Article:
Use Mixed lights

Mixed lights provide real-time specular and normal response. The Progressive Lightmapper bakes indirect lighting into a lightmap. This combination ensures the highest quality material response when using baked lighting.

Directional lightmaps illuminated by a Baked spotlight (left) vs Directional lightmaps illuminated by a Mixed spotlight (right): Notice the improved contrast in the normal maps in the scene lit by the Mixed light.
Directional lightmaps illuminated by a Baked spotlight (left) vs Directional lightmaps illuminated by a Mixed spotlight (right): Notice the improved contrast in the normal maps in the scene lit by the Mixed light.

If your project allows for it, switch the light Mode to Mixed in the Light component. Note that Mixed lights have the same performance cost as real-time lights. Depending on the Lighting Mode used, Mixed lights will cast real-time shadows but not baked soft shadows.

Use Light Probes

Probe-lit GameObjects will often have a better material response than those lit by Baked lights. If your art direction allows for it, set their Receive Global Illumination property to Light Probes in the Mesh Renderer component. Note that you can also use Light Probe Proxy Volume (LPPV) to add a spatial gradient to probe-lit objects.

5. Missing specular response

A simple scene containing several Baked point lights before a lightmap bake (left) vs same scene after baking lightmaps (right): Notice that specular highlights are missing after baking.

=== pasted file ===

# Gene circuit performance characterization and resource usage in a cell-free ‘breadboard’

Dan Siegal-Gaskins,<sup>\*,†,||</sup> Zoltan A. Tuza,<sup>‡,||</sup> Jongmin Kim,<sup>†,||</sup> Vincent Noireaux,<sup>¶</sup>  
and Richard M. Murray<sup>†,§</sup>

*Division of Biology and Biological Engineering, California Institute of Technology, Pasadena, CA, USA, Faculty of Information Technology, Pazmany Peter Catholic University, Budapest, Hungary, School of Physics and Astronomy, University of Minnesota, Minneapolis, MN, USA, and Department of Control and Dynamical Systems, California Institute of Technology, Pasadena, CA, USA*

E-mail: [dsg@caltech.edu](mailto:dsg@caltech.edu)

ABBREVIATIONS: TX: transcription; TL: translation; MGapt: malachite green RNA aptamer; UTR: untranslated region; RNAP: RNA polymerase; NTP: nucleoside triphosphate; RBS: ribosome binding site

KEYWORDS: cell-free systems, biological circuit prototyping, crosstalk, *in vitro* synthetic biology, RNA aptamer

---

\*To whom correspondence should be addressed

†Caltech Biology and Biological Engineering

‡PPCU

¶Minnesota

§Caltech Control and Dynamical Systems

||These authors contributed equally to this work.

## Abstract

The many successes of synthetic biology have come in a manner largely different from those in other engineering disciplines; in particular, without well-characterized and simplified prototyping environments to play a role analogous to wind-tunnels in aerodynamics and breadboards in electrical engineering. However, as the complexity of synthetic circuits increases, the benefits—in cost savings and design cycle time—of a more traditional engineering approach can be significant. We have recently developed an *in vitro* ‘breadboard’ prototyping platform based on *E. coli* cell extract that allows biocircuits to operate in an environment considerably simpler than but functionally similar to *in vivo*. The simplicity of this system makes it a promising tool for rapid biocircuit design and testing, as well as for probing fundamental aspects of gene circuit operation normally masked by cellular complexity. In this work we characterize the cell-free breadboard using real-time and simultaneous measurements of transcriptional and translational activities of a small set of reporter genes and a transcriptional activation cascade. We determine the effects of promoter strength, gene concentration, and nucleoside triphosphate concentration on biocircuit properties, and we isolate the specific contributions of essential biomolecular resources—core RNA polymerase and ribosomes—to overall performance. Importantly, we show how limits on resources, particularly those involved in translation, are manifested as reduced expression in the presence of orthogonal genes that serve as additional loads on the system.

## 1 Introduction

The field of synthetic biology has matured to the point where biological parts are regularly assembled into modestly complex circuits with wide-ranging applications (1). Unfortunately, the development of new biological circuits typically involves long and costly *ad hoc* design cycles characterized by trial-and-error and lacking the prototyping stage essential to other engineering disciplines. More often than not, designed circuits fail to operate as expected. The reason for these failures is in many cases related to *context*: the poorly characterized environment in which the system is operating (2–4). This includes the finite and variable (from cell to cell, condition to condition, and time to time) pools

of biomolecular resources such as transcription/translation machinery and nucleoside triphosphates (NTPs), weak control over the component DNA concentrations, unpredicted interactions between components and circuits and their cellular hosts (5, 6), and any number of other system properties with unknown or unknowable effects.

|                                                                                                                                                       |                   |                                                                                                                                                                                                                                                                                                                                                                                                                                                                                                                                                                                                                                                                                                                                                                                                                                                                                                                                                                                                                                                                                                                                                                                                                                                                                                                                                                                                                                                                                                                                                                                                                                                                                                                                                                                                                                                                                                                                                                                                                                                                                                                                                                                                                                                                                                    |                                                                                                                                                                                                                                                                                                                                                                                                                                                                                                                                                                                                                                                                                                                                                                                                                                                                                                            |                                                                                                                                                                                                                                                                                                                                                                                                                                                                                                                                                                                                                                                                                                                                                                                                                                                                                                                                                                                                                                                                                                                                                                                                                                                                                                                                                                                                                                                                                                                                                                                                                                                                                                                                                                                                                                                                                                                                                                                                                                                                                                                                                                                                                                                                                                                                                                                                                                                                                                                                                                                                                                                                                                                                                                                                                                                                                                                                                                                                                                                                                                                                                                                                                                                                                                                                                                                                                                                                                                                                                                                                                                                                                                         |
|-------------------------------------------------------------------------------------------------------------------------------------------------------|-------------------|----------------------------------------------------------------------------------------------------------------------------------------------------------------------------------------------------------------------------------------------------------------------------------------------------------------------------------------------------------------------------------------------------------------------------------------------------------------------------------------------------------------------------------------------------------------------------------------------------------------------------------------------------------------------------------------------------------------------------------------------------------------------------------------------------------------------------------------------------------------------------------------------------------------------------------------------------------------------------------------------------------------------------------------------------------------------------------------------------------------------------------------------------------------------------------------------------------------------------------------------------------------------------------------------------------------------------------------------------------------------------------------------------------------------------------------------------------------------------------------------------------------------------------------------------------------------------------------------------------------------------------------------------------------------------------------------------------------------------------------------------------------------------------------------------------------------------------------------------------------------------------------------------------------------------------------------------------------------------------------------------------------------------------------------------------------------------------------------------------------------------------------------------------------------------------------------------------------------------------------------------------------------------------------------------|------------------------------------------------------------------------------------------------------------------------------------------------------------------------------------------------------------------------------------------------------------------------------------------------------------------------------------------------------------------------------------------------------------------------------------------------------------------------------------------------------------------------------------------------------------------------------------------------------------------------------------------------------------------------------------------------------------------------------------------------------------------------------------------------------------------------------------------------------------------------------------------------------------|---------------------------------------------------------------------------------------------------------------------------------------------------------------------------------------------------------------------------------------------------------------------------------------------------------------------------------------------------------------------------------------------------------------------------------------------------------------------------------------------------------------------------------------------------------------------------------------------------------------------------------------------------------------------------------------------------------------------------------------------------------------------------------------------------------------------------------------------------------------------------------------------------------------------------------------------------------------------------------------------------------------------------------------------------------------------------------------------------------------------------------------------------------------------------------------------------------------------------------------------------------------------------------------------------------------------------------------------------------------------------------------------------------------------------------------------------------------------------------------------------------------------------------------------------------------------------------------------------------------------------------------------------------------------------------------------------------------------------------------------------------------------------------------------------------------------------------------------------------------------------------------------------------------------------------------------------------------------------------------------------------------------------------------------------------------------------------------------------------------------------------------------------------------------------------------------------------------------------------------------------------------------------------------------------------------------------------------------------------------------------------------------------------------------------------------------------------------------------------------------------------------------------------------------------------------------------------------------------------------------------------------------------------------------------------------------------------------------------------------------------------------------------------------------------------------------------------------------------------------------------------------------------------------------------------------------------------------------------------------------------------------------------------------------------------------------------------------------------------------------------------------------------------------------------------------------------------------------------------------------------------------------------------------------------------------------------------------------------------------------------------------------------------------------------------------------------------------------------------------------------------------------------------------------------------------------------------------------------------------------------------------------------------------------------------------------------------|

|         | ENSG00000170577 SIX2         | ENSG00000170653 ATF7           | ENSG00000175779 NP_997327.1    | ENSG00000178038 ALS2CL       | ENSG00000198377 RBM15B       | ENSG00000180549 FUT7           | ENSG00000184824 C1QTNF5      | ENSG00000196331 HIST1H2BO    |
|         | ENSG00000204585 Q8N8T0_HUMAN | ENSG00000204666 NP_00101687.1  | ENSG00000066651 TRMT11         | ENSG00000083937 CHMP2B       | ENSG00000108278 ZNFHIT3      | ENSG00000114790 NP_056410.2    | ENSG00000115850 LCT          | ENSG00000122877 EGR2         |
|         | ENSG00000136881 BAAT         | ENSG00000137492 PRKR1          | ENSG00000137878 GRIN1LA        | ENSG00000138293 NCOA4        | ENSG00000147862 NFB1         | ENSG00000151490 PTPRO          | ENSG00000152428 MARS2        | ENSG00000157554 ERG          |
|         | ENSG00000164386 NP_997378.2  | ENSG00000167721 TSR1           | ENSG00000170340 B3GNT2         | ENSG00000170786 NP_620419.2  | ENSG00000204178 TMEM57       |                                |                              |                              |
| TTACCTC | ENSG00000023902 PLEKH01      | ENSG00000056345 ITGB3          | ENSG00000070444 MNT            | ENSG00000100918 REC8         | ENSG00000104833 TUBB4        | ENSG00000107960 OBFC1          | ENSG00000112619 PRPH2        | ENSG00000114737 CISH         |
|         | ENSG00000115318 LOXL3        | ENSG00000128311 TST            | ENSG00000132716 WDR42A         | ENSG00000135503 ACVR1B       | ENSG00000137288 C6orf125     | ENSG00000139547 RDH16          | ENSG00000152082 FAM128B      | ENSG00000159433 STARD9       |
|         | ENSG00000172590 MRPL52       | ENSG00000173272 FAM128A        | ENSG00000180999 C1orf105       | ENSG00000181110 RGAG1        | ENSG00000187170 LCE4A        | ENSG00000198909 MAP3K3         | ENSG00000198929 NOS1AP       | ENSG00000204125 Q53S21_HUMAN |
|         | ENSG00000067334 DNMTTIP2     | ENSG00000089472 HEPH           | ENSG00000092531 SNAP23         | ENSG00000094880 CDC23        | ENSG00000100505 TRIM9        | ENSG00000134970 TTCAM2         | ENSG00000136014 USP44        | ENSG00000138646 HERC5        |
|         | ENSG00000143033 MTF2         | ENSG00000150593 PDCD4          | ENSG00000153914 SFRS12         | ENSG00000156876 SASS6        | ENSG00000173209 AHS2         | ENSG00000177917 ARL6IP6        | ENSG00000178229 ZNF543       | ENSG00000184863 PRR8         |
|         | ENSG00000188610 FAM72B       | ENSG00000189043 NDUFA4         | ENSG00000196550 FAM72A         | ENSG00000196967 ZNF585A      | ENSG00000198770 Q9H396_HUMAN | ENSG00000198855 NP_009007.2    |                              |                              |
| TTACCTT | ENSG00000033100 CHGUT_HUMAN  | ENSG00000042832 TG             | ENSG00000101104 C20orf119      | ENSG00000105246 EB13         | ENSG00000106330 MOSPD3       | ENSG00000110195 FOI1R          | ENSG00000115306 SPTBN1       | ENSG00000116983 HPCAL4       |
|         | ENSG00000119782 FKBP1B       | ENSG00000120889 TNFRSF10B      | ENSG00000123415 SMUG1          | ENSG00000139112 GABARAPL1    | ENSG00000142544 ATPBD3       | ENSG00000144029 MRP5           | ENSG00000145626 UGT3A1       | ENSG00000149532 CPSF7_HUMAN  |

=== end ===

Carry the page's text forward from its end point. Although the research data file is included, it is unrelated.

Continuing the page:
A simple scene containing several Baked point lights before a lightmap bake (left) vs same scene after baking lightmaps (right): Notice that specular highlights are missing after baking.

One of the inherent limitations of Baked lights is that they do not provide real-time specular response to materials. This means that glossy materials will lack specular highlights after generating lighting.

To correct this, I recommend trying one of the fixes laid out below.

Use Mixed lights

Unlike Baked lights, Mixed lights provide real-time direct specular response to materials. If specular highlights are important in your scene, switch the light Mode to Mixed in the Light component.

Use emissive proxies

It is possible to imitate specular response from lights by using emissive objects. To do so, follow these steps:

  1. Place a Reflection Probe in your scene.
  2. Right-click in the Hierarchy panel and select 3D Object > Sphere
  3. Select the newly created object and set its Static Editor Flag to Reflection Probe Static.
  4. In the Project panel, create a new material by right-clicking and selecting Create > Material.
  5. Select the newly created material and enable the Emission checkbox. Set the Global Illumination property to None.
  6. Drag and drop the material onto the sphere to assign it.
  7. Place the sphere in the same position as your light.
  8. Generate lighting.

After following the above steps, you should be able to see the emissive objects captured in the Reflection Probe cubemap. You can hide those objects after baking or set up a Culling Mask in the Camera component.

Same scene but with emissive proxies captured by the Reflection Probe (left) vs an alternative perspective showcasing the placement of said proxies (right)
Same scene but with emissive proxies captured by the Reflection Probe (left) vs an alternative perspective showcasing the placement of said proxies (right)

For more tips on troubleshooting the Progressive Lightmapper, check out the full guide in the forums. If you’d like to discuss this article or share other solutions, feel free to connect with me there or here. Finally, be sure to watch for new technical blogs from other Unity developers as part of the ongoing Tech from the Trenches series.

September 27, 2022 in Technology | 18 min. read